From the looks of the studio, Rivek was sure Torianye had to be some kind of genius. No ordinary person could work in such a mess. A dozen unsorted rolls of fabric lay crossed on the floor. Torianye lightly hopped over them to reach his desk - which was covered by so many cloth samples, Rivek mistook it for a sofa. Haphazard sketches were pinned directly into the walls’ wood paneling. Rivek was glad he wore boots, or he would have impaled himself on a stray needle by now.
Toriayne rifled through a drawer and threw a pair of black trousers at Rivek. “Put these on. I still need to tailor them.”
Rivek did as he was told, and Toriayne set to measuring the circumference of his waist and the length of his inseam. “I’ve always wanted to work for you, sir,” he said, between the pins in his teeth.
“‘Sir’ is reserved for knights - you don’t need to call me that.”
Torianye ran his tape measure across Rivek’s chest. “Nevertheless, it is an honor to design your outfit for this wedding.”
“My girlfriend’s wedding to a man who’s promised to kill me.” Rivek’s mandatory attendance had been Sorian’s idea. Willow tried to make it better by suggesting Toriayne dress Rivek for the wedding. Toriayne had good taste, but even his aesthetics didn’t help with the bitter undertones of Sorian’s invitation.
Torianye placed his hand over Rivek’s. “Believe me, we appreciate the sacrifices you’ve made for us.”
“You’re not even a black-mage.”
“But that doesn’t mean you haven’t affected my life.” He smiled. “Without your - shall we say, interference? - I wouldn’t have met Bohren. This is the least I can do.”
Rivek laughed uneasily. “Alright, show me.”
“I didn’t think you would want to stray far from what you normally would wear, but I thought it would be nice of you to wear something that brought out those eyes.” Toriayne dug through a pile of shirts on his bed, producing a navy vest. A bright blue ribbon, a perfect match to Rivek’s irises, was embroidered on the inside of its the collar. But that was not the thing people would noticed. Embroidered across the garment’s back in silver thread was a six-spoked wheel. A black falcon in a death-defying dive spiraled around the southernmost point. The banner in its beak read: “argia ei pilio,” wrath and pardon.
“I think you deserved an outfit that shows who you are: the falcon that dives headfirst to the ground at over two hundred miles an hour, yet somehow can survive. There are many times I have thought you would have died, but you made it through.” He motioned for Rivek to put it on. “You showed me it was possible.”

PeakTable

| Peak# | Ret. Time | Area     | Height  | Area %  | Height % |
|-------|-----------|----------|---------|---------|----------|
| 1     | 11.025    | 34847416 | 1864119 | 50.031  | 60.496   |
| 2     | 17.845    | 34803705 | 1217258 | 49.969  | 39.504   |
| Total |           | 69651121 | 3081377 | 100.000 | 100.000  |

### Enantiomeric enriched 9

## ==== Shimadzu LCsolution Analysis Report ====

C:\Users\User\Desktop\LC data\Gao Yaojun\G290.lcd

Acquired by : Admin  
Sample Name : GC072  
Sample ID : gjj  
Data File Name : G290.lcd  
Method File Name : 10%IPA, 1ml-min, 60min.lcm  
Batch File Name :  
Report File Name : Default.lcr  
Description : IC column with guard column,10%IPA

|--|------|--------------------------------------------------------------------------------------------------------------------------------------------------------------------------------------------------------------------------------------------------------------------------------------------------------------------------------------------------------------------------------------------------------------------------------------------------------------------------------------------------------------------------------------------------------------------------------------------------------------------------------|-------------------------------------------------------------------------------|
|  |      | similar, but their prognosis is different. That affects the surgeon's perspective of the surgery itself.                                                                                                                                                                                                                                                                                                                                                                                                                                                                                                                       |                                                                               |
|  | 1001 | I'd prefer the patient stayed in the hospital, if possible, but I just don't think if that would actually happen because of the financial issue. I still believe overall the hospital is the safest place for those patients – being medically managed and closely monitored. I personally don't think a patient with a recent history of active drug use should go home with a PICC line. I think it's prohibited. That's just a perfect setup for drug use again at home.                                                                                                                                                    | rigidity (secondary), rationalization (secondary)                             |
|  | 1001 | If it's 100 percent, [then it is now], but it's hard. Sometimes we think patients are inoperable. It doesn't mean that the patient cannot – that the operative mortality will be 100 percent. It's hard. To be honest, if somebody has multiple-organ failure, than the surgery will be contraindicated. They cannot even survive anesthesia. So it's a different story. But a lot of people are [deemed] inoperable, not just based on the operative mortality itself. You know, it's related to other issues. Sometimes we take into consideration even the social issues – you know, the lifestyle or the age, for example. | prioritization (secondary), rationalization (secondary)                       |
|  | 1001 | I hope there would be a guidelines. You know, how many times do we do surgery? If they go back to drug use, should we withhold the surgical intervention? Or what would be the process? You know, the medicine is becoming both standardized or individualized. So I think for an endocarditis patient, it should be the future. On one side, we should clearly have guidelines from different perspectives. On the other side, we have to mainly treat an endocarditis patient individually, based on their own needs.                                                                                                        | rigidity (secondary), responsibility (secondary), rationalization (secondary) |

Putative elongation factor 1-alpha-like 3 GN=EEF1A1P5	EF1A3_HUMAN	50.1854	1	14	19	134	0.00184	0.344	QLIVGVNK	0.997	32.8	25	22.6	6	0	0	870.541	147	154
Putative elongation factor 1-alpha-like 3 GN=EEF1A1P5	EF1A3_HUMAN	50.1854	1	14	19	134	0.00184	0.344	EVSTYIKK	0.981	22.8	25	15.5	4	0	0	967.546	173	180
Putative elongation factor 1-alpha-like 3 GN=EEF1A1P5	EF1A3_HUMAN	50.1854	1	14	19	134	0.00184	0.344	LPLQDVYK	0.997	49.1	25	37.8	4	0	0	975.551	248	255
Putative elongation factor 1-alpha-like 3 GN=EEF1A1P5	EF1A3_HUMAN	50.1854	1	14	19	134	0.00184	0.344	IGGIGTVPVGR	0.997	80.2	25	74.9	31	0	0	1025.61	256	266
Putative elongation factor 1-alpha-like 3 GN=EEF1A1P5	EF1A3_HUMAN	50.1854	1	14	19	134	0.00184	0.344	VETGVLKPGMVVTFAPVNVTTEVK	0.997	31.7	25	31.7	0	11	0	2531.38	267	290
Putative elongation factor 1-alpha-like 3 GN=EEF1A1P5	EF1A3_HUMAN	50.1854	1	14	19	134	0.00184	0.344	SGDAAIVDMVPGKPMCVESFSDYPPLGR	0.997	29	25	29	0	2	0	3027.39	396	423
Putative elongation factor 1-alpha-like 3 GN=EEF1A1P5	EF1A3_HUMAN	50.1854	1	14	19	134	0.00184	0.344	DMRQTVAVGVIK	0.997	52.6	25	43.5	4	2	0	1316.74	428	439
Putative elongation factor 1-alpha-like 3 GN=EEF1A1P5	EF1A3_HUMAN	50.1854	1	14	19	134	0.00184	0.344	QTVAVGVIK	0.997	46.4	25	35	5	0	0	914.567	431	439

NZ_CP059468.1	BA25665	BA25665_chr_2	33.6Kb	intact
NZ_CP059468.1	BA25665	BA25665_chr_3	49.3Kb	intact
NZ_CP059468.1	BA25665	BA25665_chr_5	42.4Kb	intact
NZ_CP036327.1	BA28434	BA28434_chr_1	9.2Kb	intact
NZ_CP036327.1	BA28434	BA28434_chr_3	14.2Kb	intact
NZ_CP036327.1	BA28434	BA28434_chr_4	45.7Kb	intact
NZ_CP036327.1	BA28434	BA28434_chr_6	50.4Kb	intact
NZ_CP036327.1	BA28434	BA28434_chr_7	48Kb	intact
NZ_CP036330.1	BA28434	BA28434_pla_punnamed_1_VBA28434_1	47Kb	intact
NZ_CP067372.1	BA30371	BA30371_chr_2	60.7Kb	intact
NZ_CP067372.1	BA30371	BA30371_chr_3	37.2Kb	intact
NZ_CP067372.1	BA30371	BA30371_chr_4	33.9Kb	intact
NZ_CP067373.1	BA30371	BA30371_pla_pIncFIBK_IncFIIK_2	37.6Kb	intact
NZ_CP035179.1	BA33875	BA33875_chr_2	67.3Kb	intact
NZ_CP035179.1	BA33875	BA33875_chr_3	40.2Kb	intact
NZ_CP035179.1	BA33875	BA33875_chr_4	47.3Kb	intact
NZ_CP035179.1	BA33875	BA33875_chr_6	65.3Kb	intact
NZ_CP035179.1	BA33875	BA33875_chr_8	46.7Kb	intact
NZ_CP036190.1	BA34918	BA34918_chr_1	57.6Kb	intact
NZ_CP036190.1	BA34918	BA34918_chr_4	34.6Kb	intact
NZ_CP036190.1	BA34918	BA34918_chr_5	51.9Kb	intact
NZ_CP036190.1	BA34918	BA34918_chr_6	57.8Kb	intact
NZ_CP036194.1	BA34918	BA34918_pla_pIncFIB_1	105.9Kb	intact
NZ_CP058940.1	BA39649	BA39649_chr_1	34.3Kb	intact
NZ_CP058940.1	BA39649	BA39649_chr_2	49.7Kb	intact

Rivek slipped it over his shirt - the fabric was a lot heavier than it looked. Toriayne smiled as must have he noticed the slip of surprise on Rivek’s face. “I’ve re-enforced it.”
“Obviously I haven’t been able to work on the pants yet, but I met an enchanter who has a way of working magic with thread.” He moved over to a chest and pulled out a pair of similarly decorative black boots with a wing pattern drilled up the sides. They seemed innocuous enough, but under the leather, Rivek could feel they were also lined with steel. Toriayne waved his hands, throwing a pair of gauntlets in Rivek’s face. Rivek turned them in his hands and found at least four places he could hide a blade. “Bohren obviously couldn’t be here, but he wanted me to give those to you. Cost him a lot, I might add.”
Rivek laughed. “I guess, if I am going to die, then I might as well make it look good.”
“There’s that spirit.” Toriayne laughed. “But I went through a lot of trouble making that, so don’t get too much blood on it, all right?”
- 075/100 Themes.
Sorian’s a reasonable man: in exchange for not sacking the entire country, he just wants de-power every dark-mage in existence. Oh, but there’s a bonus stipulation: he gets to kill Rivek. What’s a bird got to do? Luckily, he has a few friends with a sense of fashion - and armor design.
Cinna was my favorite character in The Hunger Games
. Toriayne takes some inspiration from him.More Writing/Art Featuring These Characters:
Rivek Ailinar, Bohren Tabirian and Toriayne No-Last-Name-Yet belong to Grace Fong,